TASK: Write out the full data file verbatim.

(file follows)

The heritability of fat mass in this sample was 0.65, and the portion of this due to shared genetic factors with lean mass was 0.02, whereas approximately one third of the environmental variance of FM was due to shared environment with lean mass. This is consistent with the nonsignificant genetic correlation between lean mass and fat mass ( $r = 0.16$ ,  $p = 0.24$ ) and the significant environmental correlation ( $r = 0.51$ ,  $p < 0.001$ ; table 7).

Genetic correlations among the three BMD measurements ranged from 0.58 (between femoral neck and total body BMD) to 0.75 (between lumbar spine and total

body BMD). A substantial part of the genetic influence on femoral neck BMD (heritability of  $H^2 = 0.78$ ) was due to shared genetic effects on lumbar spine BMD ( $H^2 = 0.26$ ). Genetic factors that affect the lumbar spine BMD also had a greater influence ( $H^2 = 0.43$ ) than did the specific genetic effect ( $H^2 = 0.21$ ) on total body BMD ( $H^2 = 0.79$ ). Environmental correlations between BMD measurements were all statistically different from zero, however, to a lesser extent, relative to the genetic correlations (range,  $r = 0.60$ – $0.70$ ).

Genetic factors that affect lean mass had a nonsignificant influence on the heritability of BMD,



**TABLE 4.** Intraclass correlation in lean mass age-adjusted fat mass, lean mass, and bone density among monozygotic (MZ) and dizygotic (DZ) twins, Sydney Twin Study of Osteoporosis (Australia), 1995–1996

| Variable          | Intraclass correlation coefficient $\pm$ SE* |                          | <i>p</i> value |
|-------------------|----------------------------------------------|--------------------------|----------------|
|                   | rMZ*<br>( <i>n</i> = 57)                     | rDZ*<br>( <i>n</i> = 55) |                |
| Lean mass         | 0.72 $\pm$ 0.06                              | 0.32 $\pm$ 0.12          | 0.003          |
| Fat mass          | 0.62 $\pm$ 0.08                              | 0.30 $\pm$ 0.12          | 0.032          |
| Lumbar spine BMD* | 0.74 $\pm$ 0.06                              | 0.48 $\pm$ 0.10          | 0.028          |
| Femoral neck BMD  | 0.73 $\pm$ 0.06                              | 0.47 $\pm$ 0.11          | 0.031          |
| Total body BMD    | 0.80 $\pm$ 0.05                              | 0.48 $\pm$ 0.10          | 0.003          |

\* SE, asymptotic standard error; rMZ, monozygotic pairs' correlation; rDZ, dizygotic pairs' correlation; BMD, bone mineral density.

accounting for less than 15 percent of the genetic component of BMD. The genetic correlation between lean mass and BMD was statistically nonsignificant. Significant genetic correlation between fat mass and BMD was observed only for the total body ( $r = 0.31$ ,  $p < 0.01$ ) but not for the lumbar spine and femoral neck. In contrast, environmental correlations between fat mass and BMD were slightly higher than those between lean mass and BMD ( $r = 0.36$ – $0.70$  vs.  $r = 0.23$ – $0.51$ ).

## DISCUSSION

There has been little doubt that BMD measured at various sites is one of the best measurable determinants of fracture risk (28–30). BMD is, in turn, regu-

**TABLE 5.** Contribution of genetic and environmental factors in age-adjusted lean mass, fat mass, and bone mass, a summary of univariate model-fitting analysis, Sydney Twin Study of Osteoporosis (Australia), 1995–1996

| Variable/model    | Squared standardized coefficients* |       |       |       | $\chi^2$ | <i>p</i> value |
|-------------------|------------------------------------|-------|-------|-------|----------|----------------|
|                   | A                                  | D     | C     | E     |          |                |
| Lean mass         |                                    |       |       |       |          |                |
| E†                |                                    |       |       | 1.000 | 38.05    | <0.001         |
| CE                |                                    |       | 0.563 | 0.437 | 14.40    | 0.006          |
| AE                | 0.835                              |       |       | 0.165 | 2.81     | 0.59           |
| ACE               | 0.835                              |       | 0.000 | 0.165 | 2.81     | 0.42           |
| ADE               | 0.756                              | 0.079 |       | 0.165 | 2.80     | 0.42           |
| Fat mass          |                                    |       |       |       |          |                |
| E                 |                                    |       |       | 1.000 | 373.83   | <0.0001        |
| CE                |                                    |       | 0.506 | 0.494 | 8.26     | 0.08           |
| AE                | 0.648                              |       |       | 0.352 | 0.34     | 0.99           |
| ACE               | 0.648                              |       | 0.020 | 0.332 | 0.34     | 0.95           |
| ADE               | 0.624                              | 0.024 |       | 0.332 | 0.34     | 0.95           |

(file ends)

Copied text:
The heritability of fat mass in this sample was 0.65, and the portion of this due to shared genetic factors with lean mass was 0.02, whereas approximately one third of the environmental variance of FM was due to shared environment with lean mass. This is consistent with the nonsignificant genetic correlation between lean mass and fat mass ( $r = 0.16$ ,  $p = 0.24$ ) and the significant environmental correlation ( $r = 0.51$ ,  $p < 0.001$ ; table 7).

Genetic correlations among the three BMD measurements ranged from 0.58 (between femoral neck and total body BMD) to 0.75 (between lumbar spine and total

body BMD). A substantial part of the genetic influence on femoral neck BMD (heritability of  $H^2 = 0.78$ ) was due to shared genetic effects on lumbar spine BMD ( $H^2 = 0.26$ ). Genetic factors that affect the lumbar spine BMD also had a greater influence ( $H^2 = 0.43$ ) than did the specific genetic effect ( $H^2 = 0.21$ ) on total body BMD ( $H^2 = 0.79$ ). Environmental correlations between BMD measurements were all statistically different from zero, however, to a lesser extent, relative to the genetic correlations (range,  $r = 0.60$ – $0.70$ ).

Genetic factors that affect lean mass had a nonsignificant influence on the heritability of BMD,



**TABLE 4.** Intraclass correlation in lean mass age-adjusted fat mass, lean mass, and bone density among monozygotic (MZ) and dizygotic (DZ) twins, Sydney Twin Study of Osteoporosis (Australia), 1995–1996

| Variable          | Intraclass correlation coefficient $\pm$ SE* |                          | <i>p</i> value |
|-------------------|----------------------------------------------|--------------------------|----------------|
|                   | rMZ*<br>( <i>n</i> = 57)                     | rDZ*<br>( <i>n</i> = 55) |                |
| Lean mass         | 0.72 $\pm$ 0.06                              | 0.32 $\pm$ 0.12          | 0.003          |
| Fat mass          | 0.62 $\pm$ 0.08                              | 0.30 $\pm$ 0.12          | 0.032          |
| Lumbar spine BMD* | 0.74 $\pm$ 0.06                              | 0.48 $\pm$ 0.10          | 0.028          |
| Femoral neck BMD  | 0.73 $\pm$ 0.06                              | 0.47 $\pm$ 0.11          | 0.031          |
| Total body BMD    | 0.80 $\pm$ 0.05                              | 0.48 $\pm$ 0.10          | 0.003          |

\* SE, asymptotic standard error; rMZ, monozygotic pairs' correlation; rDZ, dizygotic pairs' correlation; BMD, bone mineral density.

accounting for less than 15 percent of the genetic component of BMD. The genetic correlation between lean mass and BMD was statistically nonsignificant. Significant genetic correlation between fat mass and BMD was observed only for the total body ( $r = 0.31$ ,  $p < 0.01$ ) but not for the lumbar spine and femoral neck. In contrast, environmental correlations between fat mass and BMD were slightly higher than those between lean mass and BMD ( $r = 0.36$ – $0.70$  vs.  $r = 0.23$ – $0.51$ ).

## DISCUSSION

There has been little doubt that BMD measured at various sites is one of the best measurable determinants of fracture risk (28–30). BMD is, in turn, regu-

**TABLE 5.** Contribution of genetic and environmental factors in age-adjusted lean mass, fat mass, and bone mass, a summary of univariate model-fitting analysis, Sydney Twin Study of Osteoporosis (Australia), 1995–1996

| Variable/model    | Squared standardized coefficients* |       |       |       | $\chi^2$ | <i>p</i> value |
|-------------------|------------------------------------|-------|-------|-------|----------|----------------|
|                   | A                                  | D     | C     | E     |          |                |
| Lean mass         |                                    |       |       |       |          |                |
| E†                |                                    |       |       | 1.000 | 38.05    | <0.001         |
| CE                |                                    |       | 0.563 | 0.437 | 14.40    | 0.006          |
| AE                | 0.835                              |       |       | 0.165 | 2.81     | 0.59           |
| ACE               | 0.835                              |       | 0.000 | 0.165 | 2.81     | 0.42           |
| ADE               | 0.756                              | 0.079 |       | 0.165 | 2.80     | 0.42           |
| Fat mass          |                                    |       |       |       |          |                |
| E                 |                                    |       |       | 1.000 | 373.83   | <0.0001        |
| CE                |                                    |       | 0.506 | 0.494 | 8.26     | 0.08           |
| AE                | 0.648                              |       |       | 0.352 | 0.34     | 0.99           |
| ACE               | 0.648                              |       | 0.020 | 0.332 | 0.34     | 0.95           |
| ADE               | 0.624                              | 0.024 |       | 0.332 | 0.34     | 0.95           |